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The Future’s Coming: Why We Need to Prepare for Sci-Fi Tomorrows Today

by Sarah Wells                  March 17, 2019                    (space.com)

• On March 14th, at the ‘Beyond the Cradle’ conference from the Massachusetts Institute of Technology Media Lab in Cambridge, Massachusetts, a panel of science fiction creators (pictured above) Ytasha Womack, Daniel Suarez and Marc Okrand shared their ideas on sci-fi futures. The trio argues that science fiction provides an important opportunity to expand the scope of our own cultural perspectives. (see 2:40 minute video of William Shatner discussing science fact vs science fiction below)

• “I think a lot of the science that we work towards is sometimes inspired by what we see in science fiction,” said Womack who explores ‘Afrofuturism’. “[I]t can really continue to help… [in] creating possible utopian societies.”

• Sci Fi also tends to focus on future dystopias. By imagining societies of the future, we can explore how to improve human relations today, and in some cases even shine a harsh light on the ways our society has failed to live up to the standards we write about, says Womack. For example, the term ‘alien’ has developed a negative image of illegals or people different from ourselves.

• The panelists urge Sci Fi enthusiasts to take a positive approach to meeting people who are different here on earth, just as we would hope to do with extraterrestrial beings one day – to search for commonalities among humans instead of differences, and imagining ourselves as intergalactic beings unified by a sense of responsibility to something greater than ourselves. This can be an empowering experience for people.

• Marc Okrand, a linguist known for creating “Star Trek’s” Klingon language, thinks that it is important to view extraterrestrial aliens, or different people here on earth from an interpersonal level – not conforming to our own societal model, but to recognize another being’s or person’s perspective.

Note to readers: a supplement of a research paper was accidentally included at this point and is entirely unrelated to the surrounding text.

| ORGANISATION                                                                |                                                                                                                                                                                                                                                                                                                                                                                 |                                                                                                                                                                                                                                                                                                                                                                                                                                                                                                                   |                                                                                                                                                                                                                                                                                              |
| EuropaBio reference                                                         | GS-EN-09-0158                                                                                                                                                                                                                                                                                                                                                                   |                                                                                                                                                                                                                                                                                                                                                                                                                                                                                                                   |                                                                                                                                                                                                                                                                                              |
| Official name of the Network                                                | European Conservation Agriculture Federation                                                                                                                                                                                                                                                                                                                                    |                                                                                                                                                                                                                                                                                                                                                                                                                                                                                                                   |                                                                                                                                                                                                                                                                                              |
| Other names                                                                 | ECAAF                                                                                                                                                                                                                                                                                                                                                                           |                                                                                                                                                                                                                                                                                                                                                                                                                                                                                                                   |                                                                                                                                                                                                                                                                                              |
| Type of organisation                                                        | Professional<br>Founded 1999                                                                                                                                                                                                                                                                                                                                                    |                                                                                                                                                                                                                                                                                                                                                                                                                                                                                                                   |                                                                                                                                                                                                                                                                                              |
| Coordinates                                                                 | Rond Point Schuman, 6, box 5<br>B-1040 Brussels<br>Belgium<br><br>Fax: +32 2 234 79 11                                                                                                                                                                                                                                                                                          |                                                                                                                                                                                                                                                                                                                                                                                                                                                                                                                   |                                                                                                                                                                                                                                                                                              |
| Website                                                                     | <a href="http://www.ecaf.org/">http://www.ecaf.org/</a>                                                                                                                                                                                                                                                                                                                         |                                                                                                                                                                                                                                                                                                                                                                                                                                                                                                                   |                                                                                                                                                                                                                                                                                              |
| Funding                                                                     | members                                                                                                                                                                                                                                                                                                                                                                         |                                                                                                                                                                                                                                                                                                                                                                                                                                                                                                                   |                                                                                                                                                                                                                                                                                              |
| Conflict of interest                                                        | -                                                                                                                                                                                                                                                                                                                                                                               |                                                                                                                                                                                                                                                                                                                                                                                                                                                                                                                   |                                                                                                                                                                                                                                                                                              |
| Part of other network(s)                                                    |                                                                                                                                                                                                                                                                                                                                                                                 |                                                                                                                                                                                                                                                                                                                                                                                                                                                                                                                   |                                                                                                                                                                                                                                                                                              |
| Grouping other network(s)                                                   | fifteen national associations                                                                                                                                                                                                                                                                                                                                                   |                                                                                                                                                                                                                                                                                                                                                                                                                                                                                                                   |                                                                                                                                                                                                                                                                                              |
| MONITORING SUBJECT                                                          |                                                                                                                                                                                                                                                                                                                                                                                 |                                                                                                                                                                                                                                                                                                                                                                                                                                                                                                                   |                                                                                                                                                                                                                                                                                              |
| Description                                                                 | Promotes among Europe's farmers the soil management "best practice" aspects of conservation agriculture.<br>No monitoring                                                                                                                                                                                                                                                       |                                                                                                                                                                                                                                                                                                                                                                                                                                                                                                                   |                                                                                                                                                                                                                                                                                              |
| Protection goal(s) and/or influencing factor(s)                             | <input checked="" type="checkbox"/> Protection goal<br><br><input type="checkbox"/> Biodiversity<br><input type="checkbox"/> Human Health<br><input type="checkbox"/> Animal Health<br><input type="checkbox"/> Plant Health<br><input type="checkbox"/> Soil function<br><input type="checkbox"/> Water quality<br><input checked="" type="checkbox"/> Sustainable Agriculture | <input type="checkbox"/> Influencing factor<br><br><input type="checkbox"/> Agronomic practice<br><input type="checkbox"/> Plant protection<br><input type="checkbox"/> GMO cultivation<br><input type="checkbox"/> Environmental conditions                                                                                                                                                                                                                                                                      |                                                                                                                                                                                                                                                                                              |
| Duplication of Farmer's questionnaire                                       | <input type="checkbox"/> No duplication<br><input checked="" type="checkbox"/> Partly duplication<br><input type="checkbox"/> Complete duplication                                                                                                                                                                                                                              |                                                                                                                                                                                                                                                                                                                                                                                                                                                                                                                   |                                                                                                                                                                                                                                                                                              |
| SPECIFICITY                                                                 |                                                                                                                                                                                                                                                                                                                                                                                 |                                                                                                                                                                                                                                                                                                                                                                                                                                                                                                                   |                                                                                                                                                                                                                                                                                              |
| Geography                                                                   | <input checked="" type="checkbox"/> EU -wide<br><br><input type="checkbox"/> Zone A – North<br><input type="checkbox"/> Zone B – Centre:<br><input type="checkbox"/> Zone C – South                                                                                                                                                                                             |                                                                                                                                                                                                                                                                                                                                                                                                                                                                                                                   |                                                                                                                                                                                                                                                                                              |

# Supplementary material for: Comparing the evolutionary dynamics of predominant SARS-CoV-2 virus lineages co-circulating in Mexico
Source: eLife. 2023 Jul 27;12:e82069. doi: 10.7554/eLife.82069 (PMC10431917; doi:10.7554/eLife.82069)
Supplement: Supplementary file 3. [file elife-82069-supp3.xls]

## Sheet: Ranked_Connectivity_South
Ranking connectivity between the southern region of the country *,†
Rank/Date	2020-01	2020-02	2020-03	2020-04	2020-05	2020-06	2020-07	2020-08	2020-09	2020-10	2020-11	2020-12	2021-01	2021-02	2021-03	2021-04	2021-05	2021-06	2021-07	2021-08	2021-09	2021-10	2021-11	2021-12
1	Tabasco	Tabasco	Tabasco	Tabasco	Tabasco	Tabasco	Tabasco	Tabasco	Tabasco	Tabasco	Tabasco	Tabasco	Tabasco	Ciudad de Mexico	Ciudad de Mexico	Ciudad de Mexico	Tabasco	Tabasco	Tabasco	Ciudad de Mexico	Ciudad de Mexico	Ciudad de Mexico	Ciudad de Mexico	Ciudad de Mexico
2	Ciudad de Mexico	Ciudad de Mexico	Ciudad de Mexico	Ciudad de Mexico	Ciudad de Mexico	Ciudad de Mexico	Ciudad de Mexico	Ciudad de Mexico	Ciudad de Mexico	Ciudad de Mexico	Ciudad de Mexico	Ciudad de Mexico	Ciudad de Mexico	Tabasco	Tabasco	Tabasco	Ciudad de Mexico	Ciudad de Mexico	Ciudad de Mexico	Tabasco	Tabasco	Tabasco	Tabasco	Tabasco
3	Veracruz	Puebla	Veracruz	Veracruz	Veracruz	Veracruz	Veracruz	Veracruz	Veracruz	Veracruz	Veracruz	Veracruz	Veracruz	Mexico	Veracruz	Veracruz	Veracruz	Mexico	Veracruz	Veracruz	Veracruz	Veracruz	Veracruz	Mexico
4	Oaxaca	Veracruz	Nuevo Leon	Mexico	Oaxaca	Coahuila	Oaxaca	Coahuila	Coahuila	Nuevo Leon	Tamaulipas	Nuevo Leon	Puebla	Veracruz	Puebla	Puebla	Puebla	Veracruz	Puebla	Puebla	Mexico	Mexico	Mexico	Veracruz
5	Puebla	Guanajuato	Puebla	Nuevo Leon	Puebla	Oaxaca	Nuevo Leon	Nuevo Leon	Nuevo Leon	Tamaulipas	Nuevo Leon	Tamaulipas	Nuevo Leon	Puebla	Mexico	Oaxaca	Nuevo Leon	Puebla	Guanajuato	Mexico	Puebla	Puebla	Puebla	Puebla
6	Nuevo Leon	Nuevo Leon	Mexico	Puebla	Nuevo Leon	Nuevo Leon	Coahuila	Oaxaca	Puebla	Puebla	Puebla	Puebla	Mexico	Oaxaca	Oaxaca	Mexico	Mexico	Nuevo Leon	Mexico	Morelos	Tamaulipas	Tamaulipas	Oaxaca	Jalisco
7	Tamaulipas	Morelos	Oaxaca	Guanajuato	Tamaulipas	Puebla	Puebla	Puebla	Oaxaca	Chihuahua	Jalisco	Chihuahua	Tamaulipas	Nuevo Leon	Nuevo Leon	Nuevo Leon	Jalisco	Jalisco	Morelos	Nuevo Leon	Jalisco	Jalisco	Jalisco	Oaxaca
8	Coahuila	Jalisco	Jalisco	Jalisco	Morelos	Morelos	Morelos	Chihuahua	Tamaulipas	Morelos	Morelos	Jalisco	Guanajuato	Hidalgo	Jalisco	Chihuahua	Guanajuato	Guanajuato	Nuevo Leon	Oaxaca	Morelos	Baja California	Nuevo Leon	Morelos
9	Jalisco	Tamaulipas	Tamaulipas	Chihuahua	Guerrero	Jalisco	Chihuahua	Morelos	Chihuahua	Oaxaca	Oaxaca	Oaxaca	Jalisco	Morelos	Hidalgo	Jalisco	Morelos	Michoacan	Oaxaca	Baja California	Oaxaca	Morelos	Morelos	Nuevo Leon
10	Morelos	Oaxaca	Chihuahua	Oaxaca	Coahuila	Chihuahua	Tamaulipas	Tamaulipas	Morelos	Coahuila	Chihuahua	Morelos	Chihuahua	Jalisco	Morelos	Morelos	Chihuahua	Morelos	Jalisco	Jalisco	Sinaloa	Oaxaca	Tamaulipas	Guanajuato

• Ariel Ekblaw, the coordinator of the conference and founder of the Media Lab’s Space Exploration Initiative, said the focus of the day was to explore ways to democratize space and make it accessible not only to people all around the world, but also across many disciplines, including technology, art and design. “The idea is… to show [everyone] all here together, talking together and co-designing the future of space,” said Ekblaw.

• “In many ways, we’re living in a sci-fi future already,” says panelist Daniel Suarez. Suarez’s approach to Sci Fi writing is to combine technology and culture to imagine a future where humanity can believe in a common goal, and imagine themselves as a single human race. “I try to bring my readers through the issues and challenges we’re going to be facing.” It can help people feel like they have a stake in these stories and their futures, says Suarez.

• Womack explains the value of imagining our collective future, “Imagination can be a tool of resilience to help people…envision a future. And envisioning a future then inspires them to feel like they have [a stake] in that future and take steps to create the kind of world that values humanity.”

 

CAMBRIDGE, Mass. — The technological utopias of science fiction may still be centuries away, but building the culture of that future starts now, a trio of sci-fi creators said.

On a panel at the ‘Beyond the Cradle’ conference on March 14, from the Massachusetts Institute of Technology Media Lab, science fiction creators Ytasha Womack, Daniel Suarez and Marc Okrand shared their ideas on sci-fi futures.

The trio discussed their perspectives on science, fiction and culture, arguing that this intersection not only creates an important opportunity to expand the scope of our own perspectives but also provides agency for those often left out of the conversation about space exploration.

“I think a lot of the science that we work towards is sometimes inspired by what we see in science fiction,” said Womack, producer, director and author of works exploring Afrofuturism. “One of the exciting possibilities around sci-fi is that it can really continue to help push this notion of what we can create, especially as it comes to creating possible utopian societies.”

Or dystopias, which popular science fiction and young adult novels tend to focus on. Womack said that while readers have an interest in dystopian stories of the future, many peoples and communities today are already living in their own forms of dystopias. By imagining societies of the future, we can explore how to improve human relations today, and in some cases even shine a harsh light on the ways our society has failed to live up to the standards we write about, Womack added.

One such disconnect is the way first contact with aliens is typically treated in fiction compared to how “aliens” on Earth are thought of and treated. While used in fiction to refer to extraterrestrials, Womack said that the initial meaning of the word “alien” simply referred to people on Earth who were different. “Even how we use it today around illegal aliens, or undocumented workers, I think it refers to a certain mentality around differences,” said Womack.

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